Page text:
King David points to the good King who fights for his Kingdom, preparing servants to live in His city. So, any attempt to build without the Kingdom is wood and hay. It is an empty attempt and it will burn. Watch out for how you are building! If Jesus is not the builder, it is going to burn!

Jesus is the King who edifies His Kingdom. He is the good King who does not tolerate sin in His Kingdom. So, He is recruiting righteous people through the washing of His blood. Jesus has set us free from the Kingdom of darkness through His sacrifice:

“Nevertheless, the firm foundation of God stands, having this seal, "The Lord knows those who are His," and, "Let everyone who names the name of the Lord abstain from wickedness." (2 Tim. 2:19 NAS)

“6 knowing this, that our old self was crucified with Him, that our body of sin might be done away with, that we should no longer be slaves to sin; 7 for he who has died is freed from sin. 8 Now if we have died with Christ, we believe that we shall also live with Him, 9 knowing that Christ, having been raised from the dead, is never to die again; death no longer is master over Him.” (Rom. 6:6-9 NAS)

Jesus is the good King who didn’t fail and won’t fail. Jesus began to edify His Kingdom on the cross, where we see righteousness and goodness.

So, how do we sing the righteousness and goodness of God (Psalm 101:1)? We sing the righteousness of God (in the shed blood of Jesus) and the goodness of God (in His loving sacrifice for the people of Kingdom) announcing the message of the cross.

“15 And the seventh angel sounded; and there arose loud voices in heaven, saying, "The kingdom of the world has become the kingdom of our Lord, and of His Christ; and He will reign forever and ever." 16 And the twenty-four elders, who sit on their thrones before God, fell on their faces and worshiped God, 17 saying, "We give Thee thanks, O Lord God, the Almighty, who art and who wast, because Thou hast taken Thy great power and hast begun to reign. 18 "And the nations were enraged, and Thy wrath came, and the time came for the dead to be judged, and the time to give their reward to Thy bond-servants the prophets and to the saints and to those who fear Thy name, the small and the great, and to destroy those who destroy the earth." 19 And the temple of God which is in heaven was opened; and the ark of His covenant appeared in His temple, and there were flashes of lightning and sounds and peals of thunder and an earthquake and a great hailstorm.” (Rev. 11:15-19 NAS)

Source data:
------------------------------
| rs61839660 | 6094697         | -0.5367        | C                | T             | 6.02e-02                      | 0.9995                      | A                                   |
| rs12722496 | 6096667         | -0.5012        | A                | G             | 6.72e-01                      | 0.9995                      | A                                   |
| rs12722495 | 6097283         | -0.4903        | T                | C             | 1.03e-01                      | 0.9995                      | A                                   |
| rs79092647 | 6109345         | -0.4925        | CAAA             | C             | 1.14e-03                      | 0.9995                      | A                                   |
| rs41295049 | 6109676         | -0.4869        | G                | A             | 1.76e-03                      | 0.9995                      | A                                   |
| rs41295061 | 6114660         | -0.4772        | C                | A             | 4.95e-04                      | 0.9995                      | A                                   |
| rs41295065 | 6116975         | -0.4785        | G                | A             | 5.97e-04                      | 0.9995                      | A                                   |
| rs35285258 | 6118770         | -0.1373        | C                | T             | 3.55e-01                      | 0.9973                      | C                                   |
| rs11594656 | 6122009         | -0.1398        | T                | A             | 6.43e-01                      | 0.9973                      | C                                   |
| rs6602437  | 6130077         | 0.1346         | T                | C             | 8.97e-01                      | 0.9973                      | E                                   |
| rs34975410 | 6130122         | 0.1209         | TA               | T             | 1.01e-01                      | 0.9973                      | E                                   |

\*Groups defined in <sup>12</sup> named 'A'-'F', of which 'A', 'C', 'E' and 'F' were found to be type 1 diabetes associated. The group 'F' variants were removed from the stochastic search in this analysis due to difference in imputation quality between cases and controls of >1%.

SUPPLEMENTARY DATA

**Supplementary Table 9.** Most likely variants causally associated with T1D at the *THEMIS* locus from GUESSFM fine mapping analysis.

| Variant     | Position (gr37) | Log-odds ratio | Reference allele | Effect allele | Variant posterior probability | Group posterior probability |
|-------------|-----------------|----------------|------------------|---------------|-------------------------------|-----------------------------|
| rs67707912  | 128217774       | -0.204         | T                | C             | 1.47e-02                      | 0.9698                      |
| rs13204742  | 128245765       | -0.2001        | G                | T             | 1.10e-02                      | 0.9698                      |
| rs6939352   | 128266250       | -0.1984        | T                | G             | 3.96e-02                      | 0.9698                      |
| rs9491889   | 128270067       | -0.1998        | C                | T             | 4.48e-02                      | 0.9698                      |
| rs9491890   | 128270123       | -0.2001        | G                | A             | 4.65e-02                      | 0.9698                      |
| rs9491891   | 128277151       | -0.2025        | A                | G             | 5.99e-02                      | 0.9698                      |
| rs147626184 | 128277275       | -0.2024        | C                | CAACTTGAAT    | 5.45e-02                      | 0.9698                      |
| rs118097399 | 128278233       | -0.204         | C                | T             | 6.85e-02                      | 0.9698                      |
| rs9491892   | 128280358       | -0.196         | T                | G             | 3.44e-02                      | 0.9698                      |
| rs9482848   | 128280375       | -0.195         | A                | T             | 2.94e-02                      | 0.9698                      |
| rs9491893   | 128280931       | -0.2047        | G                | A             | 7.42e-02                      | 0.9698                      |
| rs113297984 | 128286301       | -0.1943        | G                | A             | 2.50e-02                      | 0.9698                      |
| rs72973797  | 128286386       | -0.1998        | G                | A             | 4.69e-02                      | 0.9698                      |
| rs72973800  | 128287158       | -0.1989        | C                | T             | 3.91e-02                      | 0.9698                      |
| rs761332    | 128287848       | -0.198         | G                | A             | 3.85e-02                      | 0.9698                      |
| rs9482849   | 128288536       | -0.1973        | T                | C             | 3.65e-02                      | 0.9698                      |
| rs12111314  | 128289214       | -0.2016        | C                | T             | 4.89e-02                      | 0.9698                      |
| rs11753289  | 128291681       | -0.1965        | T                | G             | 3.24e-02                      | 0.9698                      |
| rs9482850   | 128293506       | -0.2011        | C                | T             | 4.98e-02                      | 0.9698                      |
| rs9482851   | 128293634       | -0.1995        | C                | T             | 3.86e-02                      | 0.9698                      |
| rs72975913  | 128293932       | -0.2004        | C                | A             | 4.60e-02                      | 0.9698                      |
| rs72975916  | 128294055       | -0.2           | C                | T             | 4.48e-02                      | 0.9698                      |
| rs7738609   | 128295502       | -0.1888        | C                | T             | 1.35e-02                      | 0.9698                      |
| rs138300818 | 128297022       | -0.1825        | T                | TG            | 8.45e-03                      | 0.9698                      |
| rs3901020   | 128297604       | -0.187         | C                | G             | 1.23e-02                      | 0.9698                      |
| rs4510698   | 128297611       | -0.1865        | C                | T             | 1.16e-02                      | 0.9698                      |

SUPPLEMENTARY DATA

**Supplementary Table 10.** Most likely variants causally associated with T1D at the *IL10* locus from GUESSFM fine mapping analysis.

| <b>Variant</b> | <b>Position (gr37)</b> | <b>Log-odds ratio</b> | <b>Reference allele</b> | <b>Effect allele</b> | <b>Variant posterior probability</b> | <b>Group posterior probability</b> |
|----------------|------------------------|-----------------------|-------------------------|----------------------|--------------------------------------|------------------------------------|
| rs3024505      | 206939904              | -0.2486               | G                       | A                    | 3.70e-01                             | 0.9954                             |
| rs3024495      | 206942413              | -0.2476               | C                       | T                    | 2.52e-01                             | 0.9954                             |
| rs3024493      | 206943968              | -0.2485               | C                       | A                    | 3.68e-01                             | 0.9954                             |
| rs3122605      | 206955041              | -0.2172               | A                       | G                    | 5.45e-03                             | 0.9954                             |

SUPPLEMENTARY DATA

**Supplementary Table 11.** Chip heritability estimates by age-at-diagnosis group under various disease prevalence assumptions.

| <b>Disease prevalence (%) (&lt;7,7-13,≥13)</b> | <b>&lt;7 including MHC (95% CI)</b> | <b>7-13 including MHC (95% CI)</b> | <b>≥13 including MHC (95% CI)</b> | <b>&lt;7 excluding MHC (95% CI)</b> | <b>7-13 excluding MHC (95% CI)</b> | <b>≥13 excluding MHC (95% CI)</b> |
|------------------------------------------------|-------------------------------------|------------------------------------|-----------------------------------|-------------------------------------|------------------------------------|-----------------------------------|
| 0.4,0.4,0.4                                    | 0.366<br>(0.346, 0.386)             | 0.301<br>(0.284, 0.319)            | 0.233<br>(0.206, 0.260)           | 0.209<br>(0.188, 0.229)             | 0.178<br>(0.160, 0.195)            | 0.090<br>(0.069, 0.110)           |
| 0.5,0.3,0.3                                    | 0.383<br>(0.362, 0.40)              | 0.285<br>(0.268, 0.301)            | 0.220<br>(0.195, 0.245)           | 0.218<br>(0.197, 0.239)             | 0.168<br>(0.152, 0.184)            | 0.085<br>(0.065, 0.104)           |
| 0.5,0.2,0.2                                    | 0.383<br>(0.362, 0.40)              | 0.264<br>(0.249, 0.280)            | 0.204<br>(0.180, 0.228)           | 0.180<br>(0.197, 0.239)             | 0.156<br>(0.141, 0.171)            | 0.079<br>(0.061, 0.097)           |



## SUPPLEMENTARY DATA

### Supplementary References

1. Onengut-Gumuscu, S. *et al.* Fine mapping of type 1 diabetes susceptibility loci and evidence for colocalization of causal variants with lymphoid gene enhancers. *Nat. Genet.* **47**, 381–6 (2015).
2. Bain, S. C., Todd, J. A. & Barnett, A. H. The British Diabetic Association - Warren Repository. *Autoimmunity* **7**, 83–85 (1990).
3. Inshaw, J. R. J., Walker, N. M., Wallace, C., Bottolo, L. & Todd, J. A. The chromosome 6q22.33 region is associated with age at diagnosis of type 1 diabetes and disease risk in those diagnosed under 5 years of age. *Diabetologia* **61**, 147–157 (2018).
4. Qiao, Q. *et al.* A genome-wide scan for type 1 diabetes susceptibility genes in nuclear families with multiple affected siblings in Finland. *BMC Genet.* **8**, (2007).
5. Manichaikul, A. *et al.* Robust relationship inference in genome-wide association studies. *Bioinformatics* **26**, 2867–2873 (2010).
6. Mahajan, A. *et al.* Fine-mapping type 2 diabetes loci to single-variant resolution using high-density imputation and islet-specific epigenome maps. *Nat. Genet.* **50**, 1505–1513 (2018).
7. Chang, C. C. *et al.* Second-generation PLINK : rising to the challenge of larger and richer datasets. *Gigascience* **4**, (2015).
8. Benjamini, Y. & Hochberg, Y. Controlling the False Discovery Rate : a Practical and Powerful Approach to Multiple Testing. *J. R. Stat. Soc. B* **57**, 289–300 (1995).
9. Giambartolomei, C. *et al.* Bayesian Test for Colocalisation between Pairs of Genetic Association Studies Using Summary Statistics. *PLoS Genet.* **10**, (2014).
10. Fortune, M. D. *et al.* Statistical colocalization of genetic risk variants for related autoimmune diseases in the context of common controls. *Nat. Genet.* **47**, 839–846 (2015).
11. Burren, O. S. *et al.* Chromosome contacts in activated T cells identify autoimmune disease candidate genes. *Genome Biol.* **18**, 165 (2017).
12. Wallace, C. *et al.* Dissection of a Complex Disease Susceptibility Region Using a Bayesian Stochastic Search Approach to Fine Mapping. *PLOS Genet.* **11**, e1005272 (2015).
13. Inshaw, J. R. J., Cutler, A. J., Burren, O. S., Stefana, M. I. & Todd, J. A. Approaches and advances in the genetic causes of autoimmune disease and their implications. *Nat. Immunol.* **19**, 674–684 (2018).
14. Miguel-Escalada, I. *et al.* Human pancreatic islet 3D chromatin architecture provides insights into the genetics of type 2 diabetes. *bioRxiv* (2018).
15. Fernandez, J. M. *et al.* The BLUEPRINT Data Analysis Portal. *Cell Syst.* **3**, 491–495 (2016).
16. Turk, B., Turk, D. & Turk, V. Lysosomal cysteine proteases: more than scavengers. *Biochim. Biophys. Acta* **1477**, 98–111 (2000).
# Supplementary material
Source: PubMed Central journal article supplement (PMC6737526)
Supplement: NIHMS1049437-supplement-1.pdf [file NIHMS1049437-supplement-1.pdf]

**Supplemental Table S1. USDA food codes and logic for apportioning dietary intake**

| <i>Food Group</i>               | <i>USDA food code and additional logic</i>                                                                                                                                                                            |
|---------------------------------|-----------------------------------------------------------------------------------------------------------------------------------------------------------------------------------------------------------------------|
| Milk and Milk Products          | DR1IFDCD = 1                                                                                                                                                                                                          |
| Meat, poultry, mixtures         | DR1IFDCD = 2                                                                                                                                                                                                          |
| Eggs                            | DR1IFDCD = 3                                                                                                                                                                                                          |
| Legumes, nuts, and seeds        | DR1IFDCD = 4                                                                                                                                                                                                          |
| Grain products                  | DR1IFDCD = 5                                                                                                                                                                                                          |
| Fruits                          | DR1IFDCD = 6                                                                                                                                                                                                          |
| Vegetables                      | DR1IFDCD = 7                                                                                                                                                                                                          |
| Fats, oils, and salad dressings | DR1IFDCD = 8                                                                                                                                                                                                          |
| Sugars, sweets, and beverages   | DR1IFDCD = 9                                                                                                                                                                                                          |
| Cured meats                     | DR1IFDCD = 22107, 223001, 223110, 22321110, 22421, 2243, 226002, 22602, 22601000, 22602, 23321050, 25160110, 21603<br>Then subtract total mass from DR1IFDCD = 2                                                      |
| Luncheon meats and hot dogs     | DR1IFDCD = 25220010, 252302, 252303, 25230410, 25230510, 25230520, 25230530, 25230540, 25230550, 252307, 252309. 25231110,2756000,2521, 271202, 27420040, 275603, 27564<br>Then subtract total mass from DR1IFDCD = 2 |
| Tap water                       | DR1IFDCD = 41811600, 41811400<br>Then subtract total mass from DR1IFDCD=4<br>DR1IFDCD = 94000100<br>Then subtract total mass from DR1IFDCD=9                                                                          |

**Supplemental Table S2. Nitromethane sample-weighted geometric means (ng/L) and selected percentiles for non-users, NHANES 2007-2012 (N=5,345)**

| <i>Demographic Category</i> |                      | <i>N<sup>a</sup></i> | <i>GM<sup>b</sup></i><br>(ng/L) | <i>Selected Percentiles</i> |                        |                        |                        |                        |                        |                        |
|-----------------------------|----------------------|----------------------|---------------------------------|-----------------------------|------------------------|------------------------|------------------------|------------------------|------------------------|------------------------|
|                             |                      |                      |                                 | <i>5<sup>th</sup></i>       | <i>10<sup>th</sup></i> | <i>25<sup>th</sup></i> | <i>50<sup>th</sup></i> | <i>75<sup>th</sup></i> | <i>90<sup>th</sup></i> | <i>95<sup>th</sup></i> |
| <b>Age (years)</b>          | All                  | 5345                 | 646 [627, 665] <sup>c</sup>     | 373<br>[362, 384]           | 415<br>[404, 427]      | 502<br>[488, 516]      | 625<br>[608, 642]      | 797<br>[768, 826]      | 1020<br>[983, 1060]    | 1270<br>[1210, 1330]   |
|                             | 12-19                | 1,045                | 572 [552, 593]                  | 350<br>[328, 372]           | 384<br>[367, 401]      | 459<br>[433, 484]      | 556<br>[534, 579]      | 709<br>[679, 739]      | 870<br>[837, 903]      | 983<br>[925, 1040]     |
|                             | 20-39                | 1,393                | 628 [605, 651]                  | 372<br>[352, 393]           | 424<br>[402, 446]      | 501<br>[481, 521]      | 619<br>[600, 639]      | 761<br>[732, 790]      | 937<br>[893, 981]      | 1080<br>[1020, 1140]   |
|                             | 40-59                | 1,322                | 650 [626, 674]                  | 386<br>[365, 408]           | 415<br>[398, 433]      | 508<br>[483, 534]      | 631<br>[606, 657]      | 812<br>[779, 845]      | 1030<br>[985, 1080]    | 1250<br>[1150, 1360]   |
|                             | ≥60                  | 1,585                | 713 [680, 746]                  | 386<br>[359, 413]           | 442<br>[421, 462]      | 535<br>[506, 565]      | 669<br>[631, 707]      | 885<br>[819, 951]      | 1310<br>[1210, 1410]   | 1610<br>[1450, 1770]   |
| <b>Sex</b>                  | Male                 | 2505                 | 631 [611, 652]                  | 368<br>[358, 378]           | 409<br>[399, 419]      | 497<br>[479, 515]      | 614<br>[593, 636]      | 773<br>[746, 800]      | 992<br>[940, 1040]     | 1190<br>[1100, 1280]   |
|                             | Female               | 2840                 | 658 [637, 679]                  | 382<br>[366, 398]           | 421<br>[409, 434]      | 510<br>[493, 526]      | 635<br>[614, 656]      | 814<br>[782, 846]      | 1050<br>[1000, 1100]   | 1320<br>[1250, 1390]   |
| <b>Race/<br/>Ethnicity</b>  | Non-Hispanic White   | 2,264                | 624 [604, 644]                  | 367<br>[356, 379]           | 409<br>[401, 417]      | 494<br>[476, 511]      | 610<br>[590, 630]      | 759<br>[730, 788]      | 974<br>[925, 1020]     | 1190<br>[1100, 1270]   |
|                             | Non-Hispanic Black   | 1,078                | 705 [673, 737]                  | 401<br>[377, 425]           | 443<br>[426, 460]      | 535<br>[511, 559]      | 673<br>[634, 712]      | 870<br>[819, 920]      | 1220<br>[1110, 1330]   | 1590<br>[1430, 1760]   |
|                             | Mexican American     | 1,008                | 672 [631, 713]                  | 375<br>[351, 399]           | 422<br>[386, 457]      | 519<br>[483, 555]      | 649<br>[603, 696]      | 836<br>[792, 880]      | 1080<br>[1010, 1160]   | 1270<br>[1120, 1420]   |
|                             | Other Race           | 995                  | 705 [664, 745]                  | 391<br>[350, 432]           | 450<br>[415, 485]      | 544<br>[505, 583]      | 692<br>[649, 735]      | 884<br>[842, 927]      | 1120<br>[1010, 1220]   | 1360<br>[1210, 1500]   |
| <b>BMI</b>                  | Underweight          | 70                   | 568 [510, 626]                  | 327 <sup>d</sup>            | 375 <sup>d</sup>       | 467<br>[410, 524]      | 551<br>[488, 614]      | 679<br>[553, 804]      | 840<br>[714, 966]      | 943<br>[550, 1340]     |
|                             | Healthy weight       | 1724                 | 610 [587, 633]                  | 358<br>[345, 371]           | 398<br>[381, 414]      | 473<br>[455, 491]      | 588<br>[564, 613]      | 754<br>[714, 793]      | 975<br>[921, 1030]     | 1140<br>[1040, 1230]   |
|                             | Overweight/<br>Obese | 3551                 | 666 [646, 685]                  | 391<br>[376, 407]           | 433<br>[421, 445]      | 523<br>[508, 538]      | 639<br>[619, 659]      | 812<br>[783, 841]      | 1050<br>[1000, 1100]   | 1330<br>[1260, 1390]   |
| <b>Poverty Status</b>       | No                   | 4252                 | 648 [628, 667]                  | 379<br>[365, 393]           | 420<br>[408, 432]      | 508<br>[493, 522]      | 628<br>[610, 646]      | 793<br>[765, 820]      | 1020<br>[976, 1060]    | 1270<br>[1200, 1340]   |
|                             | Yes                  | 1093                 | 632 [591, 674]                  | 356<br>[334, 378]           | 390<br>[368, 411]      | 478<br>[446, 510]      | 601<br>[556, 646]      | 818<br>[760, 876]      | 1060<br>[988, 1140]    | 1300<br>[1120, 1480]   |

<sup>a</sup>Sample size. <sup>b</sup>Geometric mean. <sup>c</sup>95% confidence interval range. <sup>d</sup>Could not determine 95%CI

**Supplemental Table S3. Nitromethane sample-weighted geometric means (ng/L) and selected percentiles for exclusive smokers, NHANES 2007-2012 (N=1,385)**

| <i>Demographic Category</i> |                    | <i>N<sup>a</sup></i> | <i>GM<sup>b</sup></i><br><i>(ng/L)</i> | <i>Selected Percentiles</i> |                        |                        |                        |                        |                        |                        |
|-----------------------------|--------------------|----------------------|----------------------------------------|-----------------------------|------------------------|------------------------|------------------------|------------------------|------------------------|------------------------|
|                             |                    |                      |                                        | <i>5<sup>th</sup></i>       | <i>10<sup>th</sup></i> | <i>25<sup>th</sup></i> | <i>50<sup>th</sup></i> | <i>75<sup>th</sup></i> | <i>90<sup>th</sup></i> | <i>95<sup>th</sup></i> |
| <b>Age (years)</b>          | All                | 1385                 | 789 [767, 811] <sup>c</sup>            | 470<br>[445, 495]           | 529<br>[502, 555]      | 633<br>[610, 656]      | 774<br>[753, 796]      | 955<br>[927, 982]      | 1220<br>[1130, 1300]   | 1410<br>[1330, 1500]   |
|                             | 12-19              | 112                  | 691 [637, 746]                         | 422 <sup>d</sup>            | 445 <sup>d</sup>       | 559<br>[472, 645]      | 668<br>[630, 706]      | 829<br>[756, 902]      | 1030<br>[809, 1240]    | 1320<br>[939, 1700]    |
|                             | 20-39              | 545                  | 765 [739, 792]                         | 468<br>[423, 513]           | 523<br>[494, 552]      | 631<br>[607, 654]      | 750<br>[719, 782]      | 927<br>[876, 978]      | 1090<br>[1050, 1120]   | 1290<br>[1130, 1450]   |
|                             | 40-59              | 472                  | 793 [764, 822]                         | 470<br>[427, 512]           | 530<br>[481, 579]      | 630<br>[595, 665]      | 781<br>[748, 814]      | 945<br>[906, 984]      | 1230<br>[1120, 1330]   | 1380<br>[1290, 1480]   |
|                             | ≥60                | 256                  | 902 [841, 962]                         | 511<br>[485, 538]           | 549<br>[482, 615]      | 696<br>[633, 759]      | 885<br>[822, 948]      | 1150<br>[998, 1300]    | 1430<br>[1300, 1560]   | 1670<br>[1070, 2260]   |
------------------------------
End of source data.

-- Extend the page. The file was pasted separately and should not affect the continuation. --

Jesus is the King Builder who recruits servants for the Kingdom through the finished work of the CROSS, where goodness and righteousness meet. The Kingdom’s servants are transformed into the image of the King while they are waiting for the fullest manifestation of its glory. King Jesus will reign with righteousness and goodness forever and ever! And this won’t burn!

What about us?!

  • Listen – the building process begins with listening to the Word (preached, taught and counseled).
  • Believe – submit yourself under the knowledge of Christ.
  • Obey – truly knowing is seen in fruitful work.

“19 So then you are no longer strangers and aliens, but you are fellow citizens with the saints, and are of God's household, 20 having been built upon the foundation of the apostles and prophets, Christ Jesus Himself being the corner stone, 21 in whom the whole building, being fitted together is growing into a holy temple in the Lord; 22 in whom you also are being built together into a dwelling of God in the Spirit.” (Eph. 2:19-3:1 NAS)


Sacha Mendes

Alexandre “Sacha” Mendes is one of the pastor of Maranatha Baptist Church in São José dos Campos, BRAZIL; director for vision and expansion of the ABCB; member of the board of directors for the BCC; ACBC certified; B.S. Economics, University of São Paulo; B.S. theology, Word of Life Seminary, BRAZIL; M.A.B.C. The Master’s College, Santa Clarita, CA; M. Div. Faith Bible Seminary, Lafayette, IN; working on his D.Min. expository preaching, Southeastern Baptist Theological Seminary, Wake Forest, NC.